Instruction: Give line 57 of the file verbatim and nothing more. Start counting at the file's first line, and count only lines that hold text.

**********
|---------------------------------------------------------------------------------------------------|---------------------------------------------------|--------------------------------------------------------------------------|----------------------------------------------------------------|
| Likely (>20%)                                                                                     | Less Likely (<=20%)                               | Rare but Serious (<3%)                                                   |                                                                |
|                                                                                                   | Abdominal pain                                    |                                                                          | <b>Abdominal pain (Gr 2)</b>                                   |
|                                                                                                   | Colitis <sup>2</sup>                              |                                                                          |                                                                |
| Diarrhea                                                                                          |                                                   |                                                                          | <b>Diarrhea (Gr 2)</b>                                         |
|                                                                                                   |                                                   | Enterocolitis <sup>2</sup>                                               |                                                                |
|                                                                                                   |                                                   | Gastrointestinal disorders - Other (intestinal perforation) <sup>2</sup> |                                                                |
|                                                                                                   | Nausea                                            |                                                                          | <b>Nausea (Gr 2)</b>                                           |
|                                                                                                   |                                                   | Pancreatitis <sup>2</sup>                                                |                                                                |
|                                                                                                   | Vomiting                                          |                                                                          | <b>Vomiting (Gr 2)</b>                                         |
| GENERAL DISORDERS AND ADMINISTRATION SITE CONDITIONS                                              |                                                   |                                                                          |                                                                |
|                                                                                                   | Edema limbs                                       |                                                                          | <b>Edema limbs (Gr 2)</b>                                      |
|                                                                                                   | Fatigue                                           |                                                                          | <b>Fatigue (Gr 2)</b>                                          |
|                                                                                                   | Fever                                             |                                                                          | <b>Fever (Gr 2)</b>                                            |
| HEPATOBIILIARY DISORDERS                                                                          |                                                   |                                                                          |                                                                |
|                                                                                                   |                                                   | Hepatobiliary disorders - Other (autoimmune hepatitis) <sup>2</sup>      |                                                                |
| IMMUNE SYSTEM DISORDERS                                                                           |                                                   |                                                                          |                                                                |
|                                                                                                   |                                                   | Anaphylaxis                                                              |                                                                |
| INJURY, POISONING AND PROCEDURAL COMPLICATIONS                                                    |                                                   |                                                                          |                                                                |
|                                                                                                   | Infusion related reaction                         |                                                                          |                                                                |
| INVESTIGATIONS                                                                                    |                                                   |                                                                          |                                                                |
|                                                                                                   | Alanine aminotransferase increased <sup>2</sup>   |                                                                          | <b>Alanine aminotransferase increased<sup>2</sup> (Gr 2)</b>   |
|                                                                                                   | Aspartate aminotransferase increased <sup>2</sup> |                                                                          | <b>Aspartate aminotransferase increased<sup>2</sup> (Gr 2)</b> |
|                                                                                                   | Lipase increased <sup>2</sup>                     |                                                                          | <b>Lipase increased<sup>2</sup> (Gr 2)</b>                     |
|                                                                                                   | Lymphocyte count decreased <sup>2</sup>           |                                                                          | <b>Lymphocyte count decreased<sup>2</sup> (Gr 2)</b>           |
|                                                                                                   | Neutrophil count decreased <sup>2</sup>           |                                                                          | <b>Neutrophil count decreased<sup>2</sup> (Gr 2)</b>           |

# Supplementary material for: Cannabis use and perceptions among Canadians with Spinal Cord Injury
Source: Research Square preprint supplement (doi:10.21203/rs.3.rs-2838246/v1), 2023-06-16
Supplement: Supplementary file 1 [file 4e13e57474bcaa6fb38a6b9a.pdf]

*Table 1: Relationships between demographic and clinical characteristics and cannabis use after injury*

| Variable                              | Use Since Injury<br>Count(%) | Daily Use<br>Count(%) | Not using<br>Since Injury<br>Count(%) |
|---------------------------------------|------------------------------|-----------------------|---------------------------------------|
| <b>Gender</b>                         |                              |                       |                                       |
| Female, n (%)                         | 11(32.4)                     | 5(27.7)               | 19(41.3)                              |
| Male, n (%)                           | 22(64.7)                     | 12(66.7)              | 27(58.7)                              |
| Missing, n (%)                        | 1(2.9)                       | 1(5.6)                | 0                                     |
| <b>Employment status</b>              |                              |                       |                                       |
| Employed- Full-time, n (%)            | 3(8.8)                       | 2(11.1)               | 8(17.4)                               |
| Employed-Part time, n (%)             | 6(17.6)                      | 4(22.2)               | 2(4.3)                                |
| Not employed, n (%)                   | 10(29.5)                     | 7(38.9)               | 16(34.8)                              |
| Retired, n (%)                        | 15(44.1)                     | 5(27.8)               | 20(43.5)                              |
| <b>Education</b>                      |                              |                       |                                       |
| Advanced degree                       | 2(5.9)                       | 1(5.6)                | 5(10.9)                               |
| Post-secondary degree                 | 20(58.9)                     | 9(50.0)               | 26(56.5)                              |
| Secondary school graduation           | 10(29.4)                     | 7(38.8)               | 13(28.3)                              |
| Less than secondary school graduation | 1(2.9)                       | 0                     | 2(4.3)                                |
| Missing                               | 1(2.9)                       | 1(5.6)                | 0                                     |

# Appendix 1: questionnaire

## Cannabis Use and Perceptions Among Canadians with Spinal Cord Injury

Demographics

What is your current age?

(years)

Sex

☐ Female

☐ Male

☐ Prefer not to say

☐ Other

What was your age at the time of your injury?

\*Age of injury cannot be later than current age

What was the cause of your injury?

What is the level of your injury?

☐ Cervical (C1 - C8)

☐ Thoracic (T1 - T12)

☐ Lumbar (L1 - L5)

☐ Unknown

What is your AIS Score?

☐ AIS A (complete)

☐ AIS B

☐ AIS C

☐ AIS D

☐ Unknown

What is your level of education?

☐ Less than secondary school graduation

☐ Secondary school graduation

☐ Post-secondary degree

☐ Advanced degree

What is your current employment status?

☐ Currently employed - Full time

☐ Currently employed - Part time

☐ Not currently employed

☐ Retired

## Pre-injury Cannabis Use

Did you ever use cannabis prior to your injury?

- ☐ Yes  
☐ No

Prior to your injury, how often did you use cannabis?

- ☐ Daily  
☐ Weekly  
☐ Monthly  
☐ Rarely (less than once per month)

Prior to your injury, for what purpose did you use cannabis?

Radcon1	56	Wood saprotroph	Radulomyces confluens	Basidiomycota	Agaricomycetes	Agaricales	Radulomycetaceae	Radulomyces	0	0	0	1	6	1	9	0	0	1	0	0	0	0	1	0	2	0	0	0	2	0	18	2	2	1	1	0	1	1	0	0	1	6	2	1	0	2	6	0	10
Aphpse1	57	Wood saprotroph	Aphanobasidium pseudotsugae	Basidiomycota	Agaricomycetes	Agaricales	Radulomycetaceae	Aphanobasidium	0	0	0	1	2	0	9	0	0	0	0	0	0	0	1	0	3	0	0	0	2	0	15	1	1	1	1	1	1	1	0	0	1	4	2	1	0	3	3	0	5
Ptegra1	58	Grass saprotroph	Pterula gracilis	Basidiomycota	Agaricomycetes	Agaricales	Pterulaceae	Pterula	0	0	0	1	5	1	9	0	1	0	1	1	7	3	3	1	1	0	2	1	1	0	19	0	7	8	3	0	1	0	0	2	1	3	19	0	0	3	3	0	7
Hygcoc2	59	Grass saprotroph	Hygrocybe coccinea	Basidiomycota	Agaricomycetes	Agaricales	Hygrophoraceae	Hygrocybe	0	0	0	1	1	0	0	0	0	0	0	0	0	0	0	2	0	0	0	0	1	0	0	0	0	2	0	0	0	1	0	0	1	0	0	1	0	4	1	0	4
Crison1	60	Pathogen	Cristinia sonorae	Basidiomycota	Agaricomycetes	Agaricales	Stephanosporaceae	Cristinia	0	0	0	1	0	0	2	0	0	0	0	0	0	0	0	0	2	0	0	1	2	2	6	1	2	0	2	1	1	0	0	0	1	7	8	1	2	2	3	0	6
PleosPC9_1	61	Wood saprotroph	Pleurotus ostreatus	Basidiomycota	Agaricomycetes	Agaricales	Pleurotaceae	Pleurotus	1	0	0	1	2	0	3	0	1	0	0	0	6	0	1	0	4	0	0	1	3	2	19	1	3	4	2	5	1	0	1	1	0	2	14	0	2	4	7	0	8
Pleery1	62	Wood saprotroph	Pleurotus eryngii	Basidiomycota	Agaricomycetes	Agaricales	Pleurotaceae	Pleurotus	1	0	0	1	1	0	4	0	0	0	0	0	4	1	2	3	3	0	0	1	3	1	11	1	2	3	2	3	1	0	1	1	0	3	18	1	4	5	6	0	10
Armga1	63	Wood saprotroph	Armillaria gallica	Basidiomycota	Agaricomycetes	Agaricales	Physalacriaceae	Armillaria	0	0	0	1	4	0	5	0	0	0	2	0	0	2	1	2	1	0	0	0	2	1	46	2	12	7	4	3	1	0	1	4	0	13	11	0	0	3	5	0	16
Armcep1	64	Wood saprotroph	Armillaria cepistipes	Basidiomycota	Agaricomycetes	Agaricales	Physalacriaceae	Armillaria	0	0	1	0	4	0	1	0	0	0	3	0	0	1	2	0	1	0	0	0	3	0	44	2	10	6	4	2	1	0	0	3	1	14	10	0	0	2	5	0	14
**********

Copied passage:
☐ Other